As a Russian-made tank commandeered by US-backed Afghans blasted the valleys dividing snow-capped peaks, American B-52s rained down bombs from above, sending giant mushroom clouds that hovered over the pine forests.
The remaining Arab fighters - now reduced to a few hundred from the original 1,500 to 2,000 - continued to hold out, and could be overheard speaking on their radio handsets on Dec. 6. "OK. You can come out shooting," said one Al Qaeda fighter, speaking to another. "The US planes have flown out of the area again."
"The Sheikh [bin Laden] says keep your children in the caves and fight for Allah. Give guns to your wives as necessary to fight against the infidel aggressors."
But talk of surrender came quickly and unexpectedly on Dec. 11, amid heavy gunbattles in the bombed-out pine forests here. Arab fighters used an Afghan translator earlier in the day to convey their wishes: "Our guest brothers want to find safe passage out of your province."
Ghamsharik responded: "Our blood is your blood, your wives our sisters, and your children our children. But under the circumstances, I am compelled to tell you that you must either leave or surrender."
When Ali, whose men had paid Khel to guard the rear nearly two weeks earlier, complained that no deals should be cut, Ghamsharik shot back: "If you want to hold this ridge, send your own men up here. You are down there with the press and the pretty ladies, and I'm stuck up here." Both men chuckled.
On Dec. 13, Al Qaeda-backer Younus Khalis sent his own man into the fray - this time on the US side of the battle.
Awol Gul was calm and relaxed as B-52s pummeled a mountain behind him and Al Qaeda sniper fire rang out in the distance. "They've been under quite a bit of pressure inside there," he said. "It is likely that they have made a tactical withdrawal farther south. They have good roads, safe passage, and Mr. bin Laden has plenty of friends.
"We are not interested in killing the Arabs," Mr. Gul went on to say. "They are our Muslim brothers."
By Dec. 11, Defense Secretary Donald Rumsfeld sounded unsure about how effective Pakistan's military could be in blocking the border. He said: "It's a long border. It's a very complicated area to try to seal, and there's just simply no way you can put a perfect cork in the bottle."
On Dec. 16, Afghan warlords announced they had advanced into the last of the Tora Bora caves. One young commander fighting with 600 of his own troops alongside Ali and Ghamsharik, Haji Zahir, could not have been less pleased with the final prize. There were only 21 bedraggled Al Qaeda fighters who were taken prisoners. "No one told us to surround Tora Bora," Mr. Zahir complained. "The only ones left inside for us were the stupid ones, the foolish and the weak."
While the hunt for Osama bin Laden and his top lieutenants has become increasingly invisible, it continues nonetheless. The ongoing fighting in Paktia Province, as well as the deployment of US troops to nations as far-flung as Georgia, Yemen, and the Philippines ensures that US pressure will stay on Al Qaeda's many cells - and that eyes around the world will remain open for "the Sheikh" and the $25 million bounty the US has attached to his head.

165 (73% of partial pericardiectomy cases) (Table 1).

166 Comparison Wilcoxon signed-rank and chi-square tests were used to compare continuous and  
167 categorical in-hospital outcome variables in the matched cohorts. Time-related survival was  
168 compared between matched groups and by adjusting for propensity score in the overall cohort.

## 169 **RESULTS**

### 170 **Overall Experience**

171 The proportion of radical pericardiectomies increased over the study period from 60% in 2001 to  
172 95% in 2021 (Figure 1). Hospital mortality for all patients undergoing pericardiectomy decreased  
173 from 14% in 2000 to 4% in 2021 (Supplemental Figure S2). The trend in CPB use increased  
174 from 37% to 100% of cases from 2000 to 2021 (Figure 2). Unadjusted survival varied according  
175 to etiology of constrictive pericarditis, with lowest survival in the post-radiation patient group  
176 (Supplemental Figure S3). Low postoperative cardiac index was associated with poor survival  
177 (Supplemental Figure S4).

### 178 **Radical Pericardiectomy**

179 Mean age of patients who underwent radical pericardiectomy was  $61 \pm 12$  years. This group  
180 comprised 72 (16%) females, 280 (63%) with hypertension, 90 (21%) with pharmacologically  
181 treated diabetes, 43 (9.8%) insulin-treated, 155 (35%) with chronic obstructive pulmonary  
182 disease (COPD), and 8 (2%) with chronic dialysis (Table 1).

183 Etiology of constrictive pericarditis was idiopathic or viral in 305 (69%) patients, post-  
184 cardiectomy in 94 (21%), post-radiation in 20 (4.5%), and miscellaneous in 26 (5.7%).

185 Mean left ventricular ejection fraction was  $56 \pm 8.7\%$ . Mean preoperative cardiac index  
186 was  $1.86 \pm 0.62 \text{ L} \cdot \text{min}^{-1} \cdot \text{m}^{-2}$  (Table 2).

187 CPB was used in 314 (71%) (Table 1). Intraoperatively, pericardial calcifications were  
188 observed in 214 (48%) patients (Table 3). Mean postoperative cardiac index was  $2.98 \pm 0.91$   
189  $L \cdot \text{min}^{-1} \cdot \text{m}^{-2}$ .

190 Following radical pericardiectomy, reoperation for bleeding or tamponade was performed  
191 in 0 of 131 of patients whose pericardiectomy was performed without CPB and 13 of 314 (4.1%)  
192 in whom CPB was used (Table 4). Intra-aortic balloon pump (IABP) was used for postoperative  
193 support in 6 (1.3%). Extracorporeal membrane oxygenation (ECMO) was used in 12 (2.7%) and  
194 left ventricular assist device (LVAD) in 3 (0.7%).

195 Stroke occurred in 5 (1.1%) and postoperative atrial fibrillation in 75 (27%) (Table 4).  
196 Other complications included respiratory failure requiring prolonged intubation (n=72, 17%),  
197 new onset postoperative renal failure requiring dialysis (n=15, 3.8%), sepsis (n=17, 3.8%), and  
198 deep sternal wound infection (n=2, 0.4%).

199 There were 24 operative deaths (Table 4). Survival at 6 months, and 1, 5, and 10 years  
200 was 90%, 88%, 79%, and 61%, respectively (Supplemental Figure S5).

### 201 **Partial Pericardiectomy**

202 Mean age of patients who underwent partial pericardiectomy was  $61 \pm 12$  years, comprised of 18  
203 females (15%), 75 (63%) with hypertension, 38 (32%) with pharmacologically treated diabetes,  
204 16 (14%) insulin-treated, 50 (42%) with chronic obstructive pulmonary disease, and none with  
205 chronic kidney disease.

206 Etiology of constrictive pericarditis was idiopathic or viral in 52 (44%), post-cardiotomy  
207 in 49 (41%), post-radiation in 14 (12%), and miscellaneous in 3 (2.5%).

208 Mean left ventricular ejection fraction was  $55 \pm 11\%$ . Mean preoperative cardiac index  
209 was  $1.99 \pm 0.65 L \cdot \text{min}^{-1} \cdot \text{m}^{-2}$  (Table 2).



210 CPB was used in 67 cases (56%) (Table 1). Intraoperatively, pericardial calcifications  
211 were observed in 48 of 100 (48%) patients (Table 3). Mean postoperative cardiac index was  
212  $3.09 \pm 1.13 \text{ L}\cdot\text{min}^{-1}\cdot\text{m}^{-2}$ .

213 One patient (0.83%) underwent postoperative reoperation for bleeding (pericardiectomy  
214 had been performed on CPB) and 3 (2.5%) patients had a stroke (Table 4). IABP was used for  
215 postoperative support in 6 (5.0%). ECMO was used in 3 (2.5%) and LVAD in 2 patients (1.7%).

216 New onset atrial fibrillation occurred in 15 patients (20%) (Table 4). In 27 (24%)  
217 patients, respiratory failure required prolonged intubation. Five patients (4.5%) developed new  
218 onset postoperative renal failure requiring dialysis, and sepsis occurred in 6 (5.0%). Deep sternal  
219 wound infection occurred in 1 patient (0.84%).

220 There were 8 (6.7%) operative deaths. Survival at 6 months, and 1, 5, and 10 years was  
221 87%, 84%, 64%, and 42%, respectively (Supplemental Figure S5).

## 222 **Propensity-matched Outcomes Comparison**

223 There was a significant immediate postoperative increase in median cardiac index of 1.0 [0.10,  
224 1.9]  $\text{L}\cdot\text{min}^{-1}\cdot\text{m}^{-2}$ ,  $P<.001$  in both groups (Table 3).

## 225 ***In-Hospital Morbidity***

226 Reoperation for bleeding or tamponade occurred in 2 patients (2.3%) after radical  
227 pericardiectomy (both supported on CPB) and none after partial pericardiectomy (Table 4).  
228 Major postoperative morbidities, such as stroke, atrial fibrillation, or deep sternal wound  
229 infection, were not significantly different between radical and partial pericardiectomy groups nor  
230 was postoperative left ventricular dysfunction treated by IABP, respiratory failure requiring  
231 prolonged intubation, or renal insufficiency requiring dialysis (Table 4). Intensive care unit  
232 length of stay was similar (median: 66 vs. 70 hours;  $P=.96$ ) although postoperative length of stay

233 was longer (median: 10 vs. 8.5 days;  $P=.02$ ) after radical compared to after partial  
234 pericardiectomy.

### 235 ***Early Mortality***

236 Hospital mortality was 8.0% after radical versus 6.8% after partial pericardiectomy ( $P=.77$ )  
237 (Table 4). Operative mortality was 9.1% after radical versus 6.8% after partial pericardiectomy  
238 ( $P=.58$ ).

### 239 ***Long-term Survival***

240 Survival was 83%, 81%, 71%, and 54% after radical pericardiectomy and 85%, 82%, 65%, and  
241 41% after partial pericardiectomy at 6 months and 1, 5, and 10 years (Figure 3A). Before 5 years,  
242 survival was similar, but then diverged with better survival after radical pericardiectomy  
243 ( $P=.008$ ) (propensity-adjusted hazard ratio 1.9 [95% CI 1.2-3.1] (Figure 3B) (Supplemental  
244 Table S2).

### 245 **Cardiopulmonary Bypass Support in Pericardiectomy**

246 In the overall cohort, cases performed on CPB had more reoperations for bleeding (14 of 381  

And while the US has taken justifiable pride in its ousting of the Taliban and supporting Afghanistan's fledgling interim government, President Bush's aim of catching the world's most wanted terrorist "dead or alive" has not been accomplished.
"There appears to be a real disconnect between what the US military was engaged in trying to do during the battle for Tora Bora - which was to destroy Al Qaeda and the Taliban - and the earlier rhetoric of President Bush, which had focused on getting bin Laden," says Charles Heyman, editor of Jane's World Armies. "There are citizens all over the Middle East now saying that the US military couldn't do it - couldn't catch Osama - while ignoring the fact that the US military campaign, apart from not capturing Mr. bin Laden was, up the that point, staggeringly effective."
MAULVI Younus Khalis: A patriarchal leader of the Jalalabad area and senior member of the Eastern Shura, the self-proclaimed government in the region. In the 1980s, he was a key ally to the US - and was even invited to the Reagan White House - during the Soviet occupation of Afghanistan. Khalis later cultivated ties with Osama bin Laden, hosting the Al Qaeda leader when he returned to Afghanistan from Sudan in May 1996.
Hazret Ali: One of the two most powerful warlords under Khalis, and one of the two US point men in the fight against Tora Bora. Ali, with his strong ties to the Karzai government in Kabul, became the Eastern Shura's security chief after the fall of Jalalabad.
Haji Zaman Ghamsharik: The other key US pointman in the battle for Tora Bora. He returned from exile in France to become the Eastern Shura's Jalalabad commander. Ghamsharik's Khugani tribesmen (a Pashtun subsect) live in and near the White Mountains. The Pashtun, whom he represented, have divided loyalties among Khalis, Ali, and Ghamsharik.
Awol Gul: Military commander for the Al Qaeda-linked patriarch of Jalalabad, Younus Khalis.
Ilyas Khel: He worked under commander Gul during the Taliban era. When Ali took control of Jalalabad, he began to work for him. He knew Ali from Soviet-occupation days.
Haji Hayat Ullah: A member of the Eastern Shura with Al Qaeda ties. A personal friend of Osama bin Laden, Ullah ran orphanages in Pakistan and Afghanistan.
Haji Zahir: Afghan commander, and the nephew of slain anti-Taliban fighter Abdul Haq. He is also the son of the new governor of Jalalabad, Haji Qadeer.
Malik Habib Gul: An Afghan tribal chief who attended bin Laden's last public speech on Nov. 10 and later helped hundreds of the Al Qaeda fighters escape.